If, by this time, he has not moved, I will use one of my only two voice cues; I will cluck to him to aid in moving his feet. Cause motion first, then try to direct it. Keep in mind it is almost impossible to steer an object that is motionless. Get his feet moving first, then direct them. As he begins to move, let him. Stay behind the drive-line which is from his withers to his heart-girth. Behind the drive line, you are in a driving position; if you are in front of it, you are blocking forward motion. This is a common problem for people having trouble sending their horse. OK, we have him moving off to the left, feed him some rope and let him go. At this point, unsure or frightened folks will often drag on the lead. Any horse that leads reasonably well will take this as an invite to stop. Avoid stomping on the gas and the brake at the same time. This only serves to confuse your horse. Keep your intentions clear through body language. If you become flustered and frustrated, just slow down, relax and breath. Speed has nothing to do with this exercise. Speed comes naturally through repetition. Pushing too hard, too fast, is the root cause of resistance. Remember the difference between an instinctual reaction and a thoughtful response. Again, body language is the key. Step forward to his hip, keeping your shoulders parallel to your horse's body. Keep moving. He will begin to synchronize his movement with you, his herd leader. The same thing happens with a mare and foal or within the herd. You move slow, he moves slow. You quicken your pace, he follows suit. You quit moving your feet, his also stop. Now you are dancing with him and nothing could be more natural. 

Now, I will change direction 180 degrees. I will do this by disengaging his hindquarters and accomplishing several things at once. (The photos show from right to left but the result is the same, so bear with me.) I have my horse softly moving around me in a circle. In preparation for disengaging the hindquarters, I will make full contact with his head by taking the slack out of the line, all the while keeping him in motion. Then using the tail of my lead directed at his hip in an overhand swing, I bend forward steeply from the waist and mock charge his near hip, keeping hold of his head, causing him to pivot on the forehand and move the hindquarters away from me. This is a sign of respect. Out in the pasture a subordinate horse would never show his weapons (his hindquarters) to the dominant animal or herd leader.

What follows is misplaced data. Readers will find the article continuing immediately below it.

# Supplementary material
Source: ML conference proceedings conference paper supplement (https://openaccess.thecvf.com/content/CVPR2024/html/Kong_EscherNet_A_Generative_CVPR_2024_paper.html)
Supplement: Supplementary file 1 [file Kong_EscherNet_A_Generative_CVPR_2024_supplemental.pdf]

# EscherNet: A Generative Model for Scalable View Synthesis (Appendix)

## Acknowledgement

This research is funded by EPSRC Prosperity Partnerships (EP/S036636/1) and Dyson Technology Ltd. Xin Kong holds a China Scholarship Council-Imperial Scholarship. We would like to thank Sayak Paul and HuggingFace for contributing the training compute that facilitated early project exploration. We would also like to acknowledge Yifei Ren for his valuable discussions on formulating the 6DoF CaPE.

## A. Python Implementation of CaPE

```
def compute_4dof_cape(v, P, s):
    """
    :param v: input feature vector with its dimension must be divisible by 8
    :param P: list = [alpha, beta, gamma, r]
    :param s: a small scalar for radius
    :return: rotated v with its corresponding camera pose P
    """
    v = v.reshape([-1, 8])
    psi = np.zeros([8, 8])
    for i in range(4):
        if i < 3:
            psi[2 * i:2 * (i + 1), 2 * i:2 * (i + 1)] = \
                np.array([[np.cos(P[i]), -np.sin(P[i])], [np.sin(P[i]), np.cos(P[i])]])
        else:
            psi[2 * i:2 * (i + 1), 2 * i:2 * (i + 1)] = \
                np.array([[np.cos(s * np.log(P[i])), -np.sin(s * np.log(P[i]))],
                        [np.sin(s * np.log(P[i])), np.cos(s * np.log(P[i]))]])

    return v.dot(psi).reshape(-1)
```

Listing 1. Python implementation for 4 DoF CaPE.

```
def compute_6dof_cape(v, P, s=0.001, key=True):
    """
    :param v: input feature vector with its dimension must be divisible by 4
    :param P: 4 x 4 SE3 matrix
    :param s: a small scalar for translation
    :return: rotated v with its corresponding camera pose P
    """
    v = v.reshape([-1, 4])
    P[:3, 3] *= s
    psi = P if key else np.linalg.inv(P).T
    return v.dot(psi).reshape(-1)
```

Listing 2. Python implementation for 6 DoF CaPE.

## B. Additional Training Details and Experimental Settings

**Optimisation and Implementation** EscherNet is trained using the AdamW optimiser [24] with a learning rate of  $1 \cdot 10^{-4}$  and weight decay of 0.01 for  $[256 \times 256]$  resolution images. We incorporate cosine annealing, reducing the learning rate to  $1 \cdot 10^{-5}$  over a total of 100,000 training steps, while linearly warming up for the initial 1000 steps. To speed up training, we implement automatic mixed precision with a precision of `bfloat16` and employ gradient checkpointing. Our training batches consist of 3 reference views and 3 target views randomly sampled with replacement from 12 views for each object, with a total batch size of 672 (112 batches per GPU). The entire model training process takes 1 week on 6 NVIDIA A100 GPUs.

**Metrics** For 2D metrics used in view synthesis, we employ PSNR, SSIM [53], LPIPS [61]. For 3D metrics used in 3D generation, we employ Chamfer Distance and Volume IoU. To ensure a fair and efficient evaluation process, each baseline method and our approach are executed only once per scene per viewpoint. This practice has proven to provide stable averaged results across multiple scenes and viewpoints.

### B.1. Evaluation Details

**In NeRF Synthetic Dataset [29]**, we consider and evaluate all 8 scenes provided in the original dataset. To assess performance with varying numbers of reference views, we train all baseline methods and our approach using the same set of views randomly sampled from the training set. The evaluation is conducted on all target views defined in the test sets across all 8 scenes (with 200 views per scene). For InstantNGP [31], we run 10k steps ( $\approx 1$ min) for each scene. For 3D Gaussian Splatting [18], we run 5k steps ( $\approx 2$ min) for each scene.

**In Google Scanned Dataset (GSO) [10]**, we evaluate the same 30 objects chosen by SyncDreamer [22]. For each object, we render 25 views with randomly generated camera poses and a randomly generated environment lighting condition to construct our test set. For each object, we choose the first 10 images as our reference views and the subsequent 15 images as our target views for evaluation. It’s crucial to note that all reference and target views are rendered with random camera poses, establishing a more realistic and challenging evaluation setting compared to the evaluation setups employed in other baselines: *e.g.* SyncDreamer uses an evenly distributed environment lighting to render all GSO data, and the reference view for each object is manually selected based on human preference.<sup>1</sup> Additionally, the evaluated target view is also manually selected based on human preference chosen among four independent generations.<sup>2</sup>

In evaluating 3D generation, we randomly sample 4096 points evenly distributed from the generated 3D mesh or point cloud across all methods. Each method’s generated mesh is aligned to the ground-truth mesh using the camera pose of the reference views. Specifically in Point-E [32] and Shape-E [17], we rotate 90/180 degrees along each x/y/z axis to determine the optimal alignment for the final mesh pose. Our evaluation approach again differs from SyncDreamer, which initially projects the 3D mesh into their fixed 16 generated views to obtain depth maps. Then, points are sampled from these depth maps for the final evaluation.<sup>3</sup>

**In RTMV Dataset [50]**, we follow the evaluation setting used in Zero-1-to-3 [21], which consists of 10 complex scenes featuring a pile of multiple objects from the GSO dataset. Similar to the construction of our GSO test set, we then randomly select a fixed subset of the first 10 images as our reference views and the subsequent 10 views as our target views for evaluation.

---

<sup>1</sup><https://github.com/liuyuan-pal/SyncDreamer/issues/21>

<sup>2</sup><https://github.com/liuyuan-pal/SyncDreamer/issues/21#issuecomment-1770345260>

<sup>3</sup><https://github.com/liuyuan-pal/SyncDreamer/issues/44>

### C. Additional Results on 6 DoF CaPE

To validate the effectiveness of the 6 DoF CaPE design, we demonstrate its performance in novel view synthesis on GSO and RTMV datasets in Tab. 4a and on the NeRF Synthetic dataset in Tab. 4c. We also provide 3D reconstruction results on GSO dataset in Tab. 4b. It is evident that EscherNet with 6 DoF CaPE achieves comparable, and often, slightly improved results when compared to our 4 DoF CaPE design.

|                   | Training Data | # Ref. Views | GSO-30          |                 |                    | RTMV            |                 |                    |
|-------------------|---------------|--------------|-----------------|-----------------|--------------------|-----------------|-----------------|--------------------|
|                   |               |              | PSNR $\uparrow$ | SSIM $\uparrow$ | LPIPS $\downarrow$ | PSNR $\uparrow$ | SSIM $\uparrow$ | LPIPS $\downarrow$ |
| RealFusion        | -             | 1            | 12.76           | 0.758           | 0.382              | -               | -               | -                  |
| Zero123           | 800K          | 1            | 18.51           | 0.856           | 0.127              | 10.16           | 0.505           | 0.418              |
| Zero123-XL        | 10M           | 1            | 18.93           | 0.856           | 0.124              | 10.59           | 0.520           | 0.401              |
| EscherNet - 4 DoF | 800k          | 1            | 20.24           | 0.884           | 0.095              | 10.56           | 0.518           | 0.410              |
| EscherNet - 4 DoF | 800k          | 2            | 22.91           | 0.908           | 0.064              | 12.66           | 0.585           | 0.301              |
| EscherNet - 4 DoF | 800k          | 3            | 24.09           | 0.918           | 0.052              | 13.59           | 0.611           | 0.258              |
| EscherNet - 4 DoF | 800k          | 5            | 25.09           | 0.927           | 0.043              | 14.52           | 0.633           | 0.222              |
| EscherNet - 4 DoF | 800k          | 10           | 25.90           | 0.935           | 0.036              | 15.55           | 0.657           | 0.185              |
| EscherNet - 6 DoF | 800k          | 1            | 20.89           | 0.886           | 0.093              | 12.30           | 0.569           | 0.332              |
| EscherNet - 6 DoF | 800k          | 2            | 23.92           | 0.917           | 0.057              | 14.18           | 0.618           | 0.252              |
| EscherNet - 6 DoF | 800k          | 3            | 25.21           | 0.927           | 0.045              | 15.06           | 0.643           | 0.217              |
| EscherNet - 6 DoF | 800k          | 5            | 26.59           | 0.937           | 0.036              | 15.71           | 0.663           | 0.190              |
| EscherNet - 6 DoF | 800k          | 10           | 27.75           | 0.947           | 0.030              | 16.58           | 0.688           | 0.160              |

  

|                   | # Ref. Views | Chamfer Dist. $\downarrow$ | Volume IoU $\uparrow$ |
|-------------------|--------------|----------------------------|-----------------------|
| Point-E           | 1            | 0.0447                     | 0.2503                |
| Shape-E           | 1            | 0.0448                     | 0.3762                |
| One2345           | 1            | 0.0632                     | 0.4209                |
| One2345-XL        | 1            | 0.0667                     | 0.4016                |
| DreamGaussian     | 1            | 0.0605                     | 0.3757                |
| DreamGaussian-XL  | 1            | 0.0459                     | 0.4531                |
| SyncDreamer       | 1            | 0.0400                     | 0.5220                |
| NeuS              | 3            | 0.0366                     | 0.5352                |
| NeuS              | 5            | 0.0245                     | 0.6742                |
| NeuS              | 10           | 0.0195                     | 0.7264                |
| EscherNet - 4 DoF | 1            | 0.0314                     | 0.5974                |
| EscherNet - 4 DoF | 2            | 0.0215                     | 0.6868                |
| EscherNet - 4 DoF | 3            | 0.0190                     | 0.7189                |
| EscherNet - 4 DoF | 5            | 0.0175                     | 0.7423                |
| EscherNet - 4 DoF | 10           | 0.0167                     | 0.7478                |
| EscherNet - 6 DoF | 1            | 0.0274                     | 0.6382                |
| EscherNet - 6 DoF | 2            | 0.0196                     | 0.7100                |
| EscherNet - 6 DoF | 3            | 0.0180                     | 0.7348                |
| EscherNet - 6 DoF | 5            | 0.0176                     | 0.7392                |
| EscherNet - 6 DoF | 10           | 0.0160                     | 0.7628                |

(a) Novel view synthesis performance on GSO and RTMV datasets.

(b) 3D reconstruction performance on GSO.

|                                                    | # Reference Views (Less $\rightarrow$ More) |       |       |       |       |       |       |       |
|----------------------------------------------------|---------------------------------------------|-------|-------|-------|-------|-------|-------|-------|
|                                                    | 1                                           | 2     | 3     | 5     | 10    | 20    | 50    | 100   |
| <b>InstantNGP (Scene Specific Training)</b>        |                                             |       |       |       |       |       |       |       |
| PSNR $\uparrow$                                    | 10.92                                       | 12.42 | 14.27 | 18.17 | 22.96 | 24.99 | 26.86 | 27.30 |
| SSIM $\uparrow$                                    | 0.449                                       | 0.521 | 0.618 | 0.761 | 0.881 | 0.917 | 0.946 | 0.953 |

By now I should have him facing me squarely. I will keep facing my horse and cause him to take a step or two backwards by putting a wave in the lead by moving my lead hand from side to side and stepping directly forward. At this point, I am looking for any little try. The smallest positive change will cause the pressure to go away. Remember horses learn on the release of pressure, not the application of it. Now is the time to rest for a while, let him think over what just happened. You will likely see him drop his head, begin to lick his lips and blink his eyes.  If not, you are pushing too hard. Slow down and relax. What I do not want to see is that thousand-yard stare and rigid posture of a highly defensive and scared prey type animal that is being stalked by a predator.

We started to the left and now that I have caused him to cease his forward motion and shift the hips away from me and take a step or two backwards, it is time to go to the right. Now my right hand becomes the lead hand. I will make contact and give him some obvious direction to the right, making my intentions clear and showing him an open door. My driving hand is now my left hand. I swing the tail of my lead in an overhand motion directed at his near hip and closing the door to my left. I will cluck to him if I need to. As he begins to move, quit swinging the rope and clucking. Get off of the gas as soon as he responds. Mindlessly swinging the tail of the lead and clucking will only serve to dull him to these aids. Use them only when you need them, then stop. Timing the release of pressure is one of the main keys to having a soft responsive horse.

I view stopping and standing still as a privilege, a reward, and that is how I want my horse to see it. Stopping and standing still is the comfortable thing to do. The natural thing for a predator to do is to grab and hold. Far too often I see people try to physically drag their horse to a stop and then try to hold him there. Folks, if there is one sure thing I have learned in the last 35 years, it is this, when the life bubbles up in a horse's feet and he feels the need to go somewhere, you cannot stop it. You cannot smother it. You cannot contain it. Our only choice as the predator in this predator/prey relationship is to redirect this energy until the horse decides that stopping and standing still is the easy or comfortable thing to do.

Now we are coming to the end of our workout, my horse is driving smoothly and softly in both directions and I can disengage his hindquarters and back him off of me a step or two. This is when I will soften my body and turn my shoulder to the horse in a non-assertive gesture that invites him into my personal space. If I have done my round-pen work right, he will then be happy to come to me to be rested, relaxed and rubbed. Again making me, the herd leader, the safe comfortable place to be.

That just about covers it for now. We sincerely hope that this information will be of some help to you and yours.

Stay A’ Horseback,

Jody and Susan